Art races
February 14, 2018


The energy in the room was palpable in the audience, but the four artists were quiet and honed in on the canvas before them.

The Fort Myers Beach Art Association held its second annual Paint-Around Wednesday, pairing up four talented artists to make four paintings - rotating canvases every 15 minutes. By the end of the hour and a half time slot, every artist had left their mark on each painting.

This year's award-winning artists are Tracy Owen-Cullimore, Lisa Grinter, Neil Walling and Michele Barron Buelow. Each came prepared with their canvas and a photo or print to work off of: Cullimore started a portrait of a man smoking a cigar, titled "Happy Hour;" Grinter began "Shrimp Boats;" Walling's painting began as an abstract sunset titled "Green Flash;" and Buelow chose a landscape of "Lover's Key." This year, every artist painted with oil. Each artist has his or her own style, so the challenge was to mesh four styles to create four masterpieces.

Buelow said she was nervous at first, but once she got into her groove, she thought it went well. Instead of molding the painting before her to fit her style, she assessed the painting before her and tried to mold her own style to adapt to the the styles that touched the canvas before her.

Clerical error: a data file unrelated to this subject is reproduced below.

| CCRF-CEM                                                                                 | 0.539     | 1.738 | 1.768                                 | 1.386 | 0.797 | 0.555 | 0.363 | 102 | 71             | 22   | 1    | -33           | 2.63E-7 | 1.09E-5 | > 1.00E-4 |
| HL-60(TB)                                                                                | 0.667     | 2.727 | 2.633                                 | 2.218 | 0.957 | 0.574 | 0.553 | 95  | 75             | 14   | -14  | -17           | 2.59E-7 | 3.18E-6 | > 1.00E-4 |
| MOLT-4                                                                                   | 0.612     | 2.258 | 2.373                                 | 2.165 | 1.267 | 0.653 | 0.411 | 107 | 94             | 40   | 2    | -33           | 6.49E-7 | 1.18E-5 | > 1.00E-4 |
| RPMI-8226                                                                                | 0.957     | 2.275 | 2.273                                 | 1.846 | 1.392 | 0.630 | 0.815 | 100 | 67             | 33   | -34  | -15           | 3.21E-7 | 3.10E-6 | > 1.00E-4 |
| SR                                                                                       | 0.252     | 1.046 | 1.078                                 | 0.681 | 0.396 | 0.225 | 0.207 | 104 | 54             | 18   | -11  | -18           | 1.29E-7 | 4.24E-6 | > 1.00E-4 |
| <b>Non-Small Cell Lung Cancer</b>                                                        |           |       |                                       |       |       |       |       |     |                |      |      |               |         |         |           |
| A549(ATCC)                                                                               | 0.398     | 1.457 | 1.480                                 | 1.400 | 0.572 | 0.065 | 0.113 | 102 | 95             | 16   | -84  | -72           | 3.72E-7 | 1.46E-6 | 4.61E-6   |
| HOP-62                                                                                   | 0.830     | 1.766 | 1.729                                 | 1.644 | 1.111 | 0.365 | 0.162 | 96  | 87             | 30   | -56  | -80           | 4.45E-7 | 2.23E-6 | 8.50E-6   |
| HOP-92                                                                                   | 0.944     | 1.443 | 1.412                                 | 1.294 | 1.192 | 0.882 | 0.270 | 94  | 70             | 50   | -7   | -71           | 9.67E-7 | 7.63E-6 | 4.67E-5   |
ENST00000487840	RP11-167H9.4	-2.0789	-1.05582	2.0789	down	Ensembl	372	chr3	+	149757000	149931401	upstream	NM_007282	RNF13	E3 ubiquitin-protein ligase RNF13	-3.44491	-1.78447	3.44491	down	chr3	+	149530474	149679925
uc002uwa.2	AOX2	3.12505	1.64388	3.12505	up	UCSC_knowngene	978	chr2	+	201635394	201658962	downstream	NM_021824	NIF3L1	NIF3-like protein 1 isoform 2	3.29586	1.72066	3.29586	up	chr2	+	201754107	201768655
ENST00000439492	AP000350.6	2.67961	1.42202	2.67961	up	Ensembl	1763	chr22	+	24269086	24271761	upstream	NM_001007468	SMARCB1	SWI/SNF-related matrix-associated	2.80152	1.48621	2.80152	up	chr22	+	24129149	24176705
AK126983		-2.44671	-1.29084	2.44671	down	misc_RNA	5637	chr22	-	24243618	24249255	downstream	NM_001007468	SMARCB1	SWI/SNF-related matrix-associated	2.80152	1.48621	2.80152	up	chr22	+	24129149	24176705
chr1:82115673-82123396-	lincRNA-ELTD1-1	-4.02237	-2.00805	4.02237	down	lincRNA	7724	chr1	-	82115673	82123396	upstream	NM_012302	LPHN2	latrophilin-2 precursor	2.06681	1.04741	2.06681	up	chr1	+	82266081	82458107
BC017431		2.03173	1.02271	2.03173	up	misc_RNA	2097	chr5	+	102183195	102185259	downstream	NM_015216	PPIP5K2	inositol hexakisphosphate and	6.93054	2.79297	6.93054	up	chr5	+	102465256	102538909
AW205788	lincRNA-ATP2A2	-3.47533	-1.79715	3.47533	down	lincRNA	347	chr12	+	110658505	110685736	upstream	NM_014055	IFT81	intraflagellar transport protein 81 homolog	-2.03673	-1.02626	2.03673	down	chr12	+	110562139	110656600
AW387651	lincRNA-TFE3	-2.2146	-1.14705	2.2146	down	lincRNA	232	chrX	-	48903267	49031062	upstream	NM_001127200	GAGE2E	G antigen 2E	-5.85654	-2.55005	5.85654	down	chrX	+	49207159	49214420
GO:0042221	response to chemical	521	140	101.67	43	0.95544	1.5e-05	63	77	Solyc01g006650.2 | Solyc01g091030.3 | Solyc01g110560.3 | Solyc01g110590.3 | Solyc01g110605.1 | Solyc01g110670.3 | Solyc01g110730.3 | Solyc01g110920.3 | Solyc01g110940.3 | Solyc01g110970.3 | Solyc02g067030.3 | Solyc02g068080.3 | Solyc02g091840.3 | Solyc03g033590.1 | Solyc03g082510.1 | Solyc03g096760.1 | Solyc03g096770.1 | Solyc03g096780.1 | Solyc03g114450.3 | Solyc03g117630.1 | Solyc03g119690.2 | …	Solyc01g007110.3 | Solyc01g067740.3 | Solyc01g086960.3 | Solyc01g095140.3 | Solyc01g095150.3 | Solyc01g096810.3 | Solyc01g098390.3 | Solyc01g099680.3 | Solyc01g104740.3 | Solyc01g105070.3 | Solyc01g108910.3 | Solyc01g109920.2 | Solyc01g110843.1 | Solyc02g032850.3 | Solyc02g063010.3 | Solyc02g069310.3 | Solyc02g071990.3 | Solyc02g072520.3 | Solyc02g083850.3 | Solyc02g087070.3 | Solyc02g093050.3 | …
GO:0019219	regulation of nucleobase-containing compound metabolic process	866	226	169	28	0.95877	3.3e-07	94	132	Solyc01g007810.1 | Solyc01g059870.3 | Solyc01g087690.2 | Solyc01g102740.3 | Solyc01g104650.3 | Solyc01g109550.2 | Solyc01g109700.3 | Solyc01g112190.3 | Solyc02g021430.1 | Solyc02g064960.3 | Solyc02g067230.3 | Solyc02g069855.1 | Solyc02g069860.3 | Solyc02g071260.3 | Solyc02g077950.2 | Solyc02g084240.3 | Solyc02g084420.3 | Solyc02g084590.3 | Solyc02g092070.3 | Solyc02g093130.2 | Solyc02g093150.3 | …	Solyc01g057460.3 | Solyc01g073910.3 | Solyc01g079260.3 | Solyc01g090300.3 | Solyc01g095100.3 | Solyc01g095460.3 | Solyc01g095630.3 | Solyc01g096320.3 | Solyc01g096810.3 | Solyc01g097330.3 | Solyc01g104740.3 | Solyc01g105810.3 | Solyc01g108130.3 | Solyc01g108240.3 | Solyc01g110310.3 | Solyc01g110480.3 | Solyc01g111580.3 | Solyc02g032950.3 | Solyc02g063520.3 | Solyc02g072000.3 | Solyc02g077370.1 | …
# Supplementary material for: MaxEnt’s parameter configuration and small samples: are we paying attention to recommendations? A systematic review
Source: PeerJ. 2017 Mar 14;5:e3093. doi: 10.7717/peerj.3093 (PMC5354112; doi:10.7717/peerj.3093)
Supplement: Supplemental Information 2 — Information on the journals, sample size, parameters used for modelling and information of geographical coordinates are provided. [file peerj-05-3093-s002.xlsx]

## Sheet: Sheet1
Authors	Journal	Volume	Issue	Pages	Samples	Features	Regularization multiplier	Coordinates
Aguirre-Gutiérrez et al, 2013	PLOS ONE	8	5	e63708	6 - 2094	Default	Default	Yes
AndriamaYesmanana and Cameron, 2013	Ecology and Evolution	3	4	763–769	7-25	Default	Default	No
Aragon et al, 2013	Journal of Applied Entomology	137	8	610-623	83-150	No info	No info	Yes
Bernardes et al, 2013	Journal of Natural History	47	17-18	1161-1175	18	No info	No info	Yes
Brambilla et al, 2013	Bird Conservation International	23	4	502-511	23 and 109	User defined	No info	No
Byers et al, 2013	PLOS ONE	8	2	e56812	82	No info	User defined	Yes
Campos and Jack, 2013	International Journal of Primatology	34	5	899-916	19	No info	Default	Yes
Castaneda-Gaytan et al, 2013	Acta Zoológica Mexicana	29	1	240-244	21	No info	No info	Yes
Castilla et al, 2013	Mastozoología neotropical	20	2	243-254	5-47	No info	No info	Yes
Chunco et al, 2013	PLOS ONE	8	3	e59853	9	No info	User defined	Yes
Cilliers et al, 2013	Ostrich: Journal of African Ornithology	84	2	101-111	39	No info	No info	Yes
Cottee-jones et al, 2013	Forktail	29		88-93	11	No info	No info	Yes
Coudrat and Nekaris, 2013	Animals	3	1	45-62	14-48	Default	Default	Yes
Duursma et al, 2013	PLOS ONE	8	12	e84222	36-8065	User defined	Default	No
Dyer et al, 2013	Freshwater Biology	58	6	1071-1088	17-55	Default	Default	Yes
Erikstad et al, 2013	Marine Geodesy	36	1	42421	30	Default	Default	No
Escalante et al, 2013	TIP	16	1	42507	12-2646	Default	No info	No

"I got to use my own colors, but I tried to paint like they did," she said. "Tracey's was light. Neil had lots of color. I tried to adapt."

Buelow, who is normally a pastel artist, said she practiced her work with oils before the event. Each artist had their own unique challenges during the event.

While the artists toiled over their paintings, the attendees gathered to watch them work.

"It's amazing to the evolution of the paintings," said Helene Savicki of Cape Cod. "The most interesting thing to me was, when the artist got their painting back, they worked hard to bring the painting back to what they were trying to do originally."

Savicki and Becky Neidetcher of Cumberland, Mass., attended the event while spending the month with their friend and association member, Millie Pereira.

Kathleen Taylor could sympathize with the artists; while this year she was a guest, last year she was one of the four in the Paint-Around.

"You don't know there's anybody in the room," she said of her experience. "Each time it rotates, it feels like you're doing a whole new painting."

The event was a fundraiser for the association's student scholarships for Cypress Lake High School's artists. Besides a silent auction of items and raffle prizes, the four paintings went through their own silent auction after being framed at the end of the night. The event, which was sold out at 119 tickets, raised $2,800 for the scholarship fund.


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